The mission will demonstrate ocean colour observation in high temporal and spatial resolution modes, through the use of a miniature ocean colour sensor, HawkEye, flown aboard a CubeSat. The final product will be 130 times smaller (10-cm × 10-cm × 30-cm), 45 times lighter (4.7 kg), with a ground resolution that’s eight times better (120 meters versus 1 km), while still having a Signal/Noise Ratio approximately 50 percent that of SeaWiFS, the satellite sensor that originally set the bar for ocean color imaging. SeaHawk is the CubeSat that shows that you can deliver performance comparable to traditional spacecraft at a fraction of the cost and development time.
The HawkEye Coastal Ocean Color Sensor is designed to capture an image of the oceans and land with 120-meter per pixel resolution from a 540 km nominal orbit. Each image will have dimensions of 1800x 6000 pixels, 8 bands deep. The bands are similar to those used by the SeaWiFS instrument. The instrument is of push-broom design, with 4 linear array CCDs, each containing 3 rows of detectors, sweeping the field of view as the satellite passes overhead. The instrument is designed to not saturate on either the land or clouds using a technique called bi-
linear gain. The ground swath imaged will be 230 x 720 km in extent. (The optical design and characteristics are discussed in another paper in this session by Alan Holmes of Cloudland Instruments).
The SeaHawk platforms are pushing the boundaries of what was previously thought to be possible with such tiny spacecraft. The most obvious challenge throughout the design is the extremely tight physical limitations for both the payload design and CubeSat platform. The requirement to collect data each orbit places a large power demand on the satellite. These challenging requirements will be met using a range of Clyde Space advanced subsystems including: the highly efficient Third Generation FlexU EPS, high-performance solar panels and a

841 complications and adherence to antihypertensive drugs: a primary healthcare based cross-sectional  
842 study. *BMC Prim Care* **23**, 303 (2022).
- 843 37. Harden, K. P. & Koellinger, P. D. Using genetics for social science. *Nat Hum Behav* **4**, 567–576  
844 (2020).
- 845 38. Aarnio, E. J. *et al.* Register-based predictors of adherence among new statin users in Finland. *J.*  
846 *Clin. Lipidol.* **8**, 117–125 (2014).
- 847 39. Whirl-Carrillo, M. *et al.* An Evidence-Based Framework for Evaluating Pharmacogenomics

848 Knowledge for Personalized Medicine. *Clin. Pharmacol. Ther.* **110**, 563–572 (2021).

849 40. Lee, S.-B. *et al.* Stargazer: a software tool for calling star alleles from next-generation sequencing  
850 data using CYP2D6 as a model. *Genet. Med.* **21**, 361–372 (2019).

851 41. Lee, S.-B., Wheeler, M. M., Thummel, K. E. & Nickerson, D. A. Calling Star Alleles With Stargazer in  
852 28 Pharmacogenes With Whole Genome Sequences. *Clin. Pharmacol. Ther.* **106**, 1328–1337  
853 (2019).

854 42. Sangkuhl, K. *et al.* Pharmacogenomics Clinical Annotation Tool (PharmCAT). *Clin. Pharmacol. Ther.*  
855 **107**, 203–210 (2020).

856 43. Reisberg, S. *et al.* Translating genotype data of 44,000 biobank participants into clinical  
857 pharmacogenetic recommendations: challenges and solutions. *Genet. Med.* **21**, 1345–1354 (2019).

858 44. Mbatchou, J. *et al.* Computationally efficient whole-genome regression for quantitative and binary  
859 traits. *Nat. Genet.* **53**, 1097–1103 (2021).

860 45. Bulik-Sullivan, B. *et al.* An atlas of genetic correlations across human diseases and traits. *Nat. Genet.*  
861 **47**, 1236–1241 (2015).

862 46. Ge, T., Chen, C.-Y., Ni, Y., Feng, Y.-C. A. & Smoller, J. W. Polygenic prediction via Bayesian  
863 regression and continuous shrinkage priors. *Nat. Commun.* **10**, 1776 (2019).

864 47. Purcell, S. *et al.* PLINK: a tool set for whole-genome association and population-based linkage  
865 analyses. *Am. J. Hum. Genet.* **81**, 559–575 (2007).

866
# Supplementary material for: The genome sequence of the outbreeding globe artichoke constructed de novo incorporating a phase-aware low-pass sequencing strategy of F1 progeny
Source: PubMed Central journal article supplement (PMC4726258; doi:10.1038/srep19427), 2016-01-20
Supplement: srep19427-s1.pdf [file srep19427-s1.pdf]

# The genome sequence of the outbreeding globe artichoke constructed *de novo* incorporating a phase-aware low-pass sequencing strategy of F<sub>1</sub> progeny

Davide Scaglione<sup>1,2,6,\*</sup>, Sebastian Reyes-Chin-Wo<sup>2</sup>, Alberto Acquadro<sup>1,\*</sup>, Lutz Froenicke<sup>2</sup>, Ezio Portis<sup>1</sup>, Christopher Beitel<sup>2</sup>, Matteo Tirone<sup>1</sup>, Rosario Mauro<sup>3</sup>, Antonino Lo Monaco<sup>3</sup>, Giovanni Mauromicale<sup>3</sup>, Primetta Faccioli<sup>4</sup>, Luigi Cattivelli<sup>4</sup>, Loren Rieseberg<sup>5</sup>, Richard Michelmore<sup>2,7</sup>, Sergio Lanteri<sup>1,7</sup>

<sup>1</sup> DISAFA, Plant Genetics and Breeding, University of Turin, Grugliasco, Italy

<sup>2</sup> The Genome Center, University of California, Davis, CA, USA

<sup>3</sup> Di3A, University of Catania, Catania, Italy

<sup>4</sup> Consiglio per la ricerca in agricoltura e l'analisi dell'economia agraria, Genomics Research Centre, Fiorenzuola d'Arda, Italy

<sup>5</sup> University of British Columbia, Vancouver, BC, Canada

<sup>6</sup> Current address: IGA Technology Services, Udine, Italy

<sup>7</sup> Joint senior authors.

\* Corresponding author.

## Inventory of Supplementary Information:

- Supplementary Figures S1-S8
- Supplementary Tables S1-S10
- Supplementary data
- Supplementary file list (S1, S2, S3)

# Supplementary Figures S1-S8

30Wh lithium polymer battery. SeaHawk will generate an immense amount of data (around 1.1
Gigabits for the full observation sweep). In order to maximize the availability of the SeaHawk data, the Clyde Space platform will make use of an X-Band communications system which will deliver a high data rate downlink to the NASA Near Earth Network (NEN), where the data will be sent directly to NASA/GSFC for processing and distribution. To support image geolocation, the spacecraft includes a Global Positioning System (GPS) receiver, high-accuracy Sun sensors and rate gyros.
Successful demonstration of the SeaHawk mission will be ground breaking for both the nanosatellite and Ocean Colour communities and will prove the ability of CubeSats to achieve high-resolution optical performance, in turn enabling high-quality science missions.
The program has contracted with Spaceflight, Inc, for launch services to handle the logistics for SeaHawk-1 to launch in 2018 aboard a SpaceX Falcon 9 from Vandenberg Air Force Base. The second SeaHawk-2 is estimated to launch in early 2019. SeaHawk-1 is currently scheduled to be launched into a 575km LEO orbit 1st Q 1018 with SeaHawk-2 scheduled for 1-year later 1st Q
2019, allowing for a 6-8 month overlap when both will be in orbit. Data will become available as the satellites finish their commissioning phases and enter their operational phases with data available internationally via the OB.DAAC.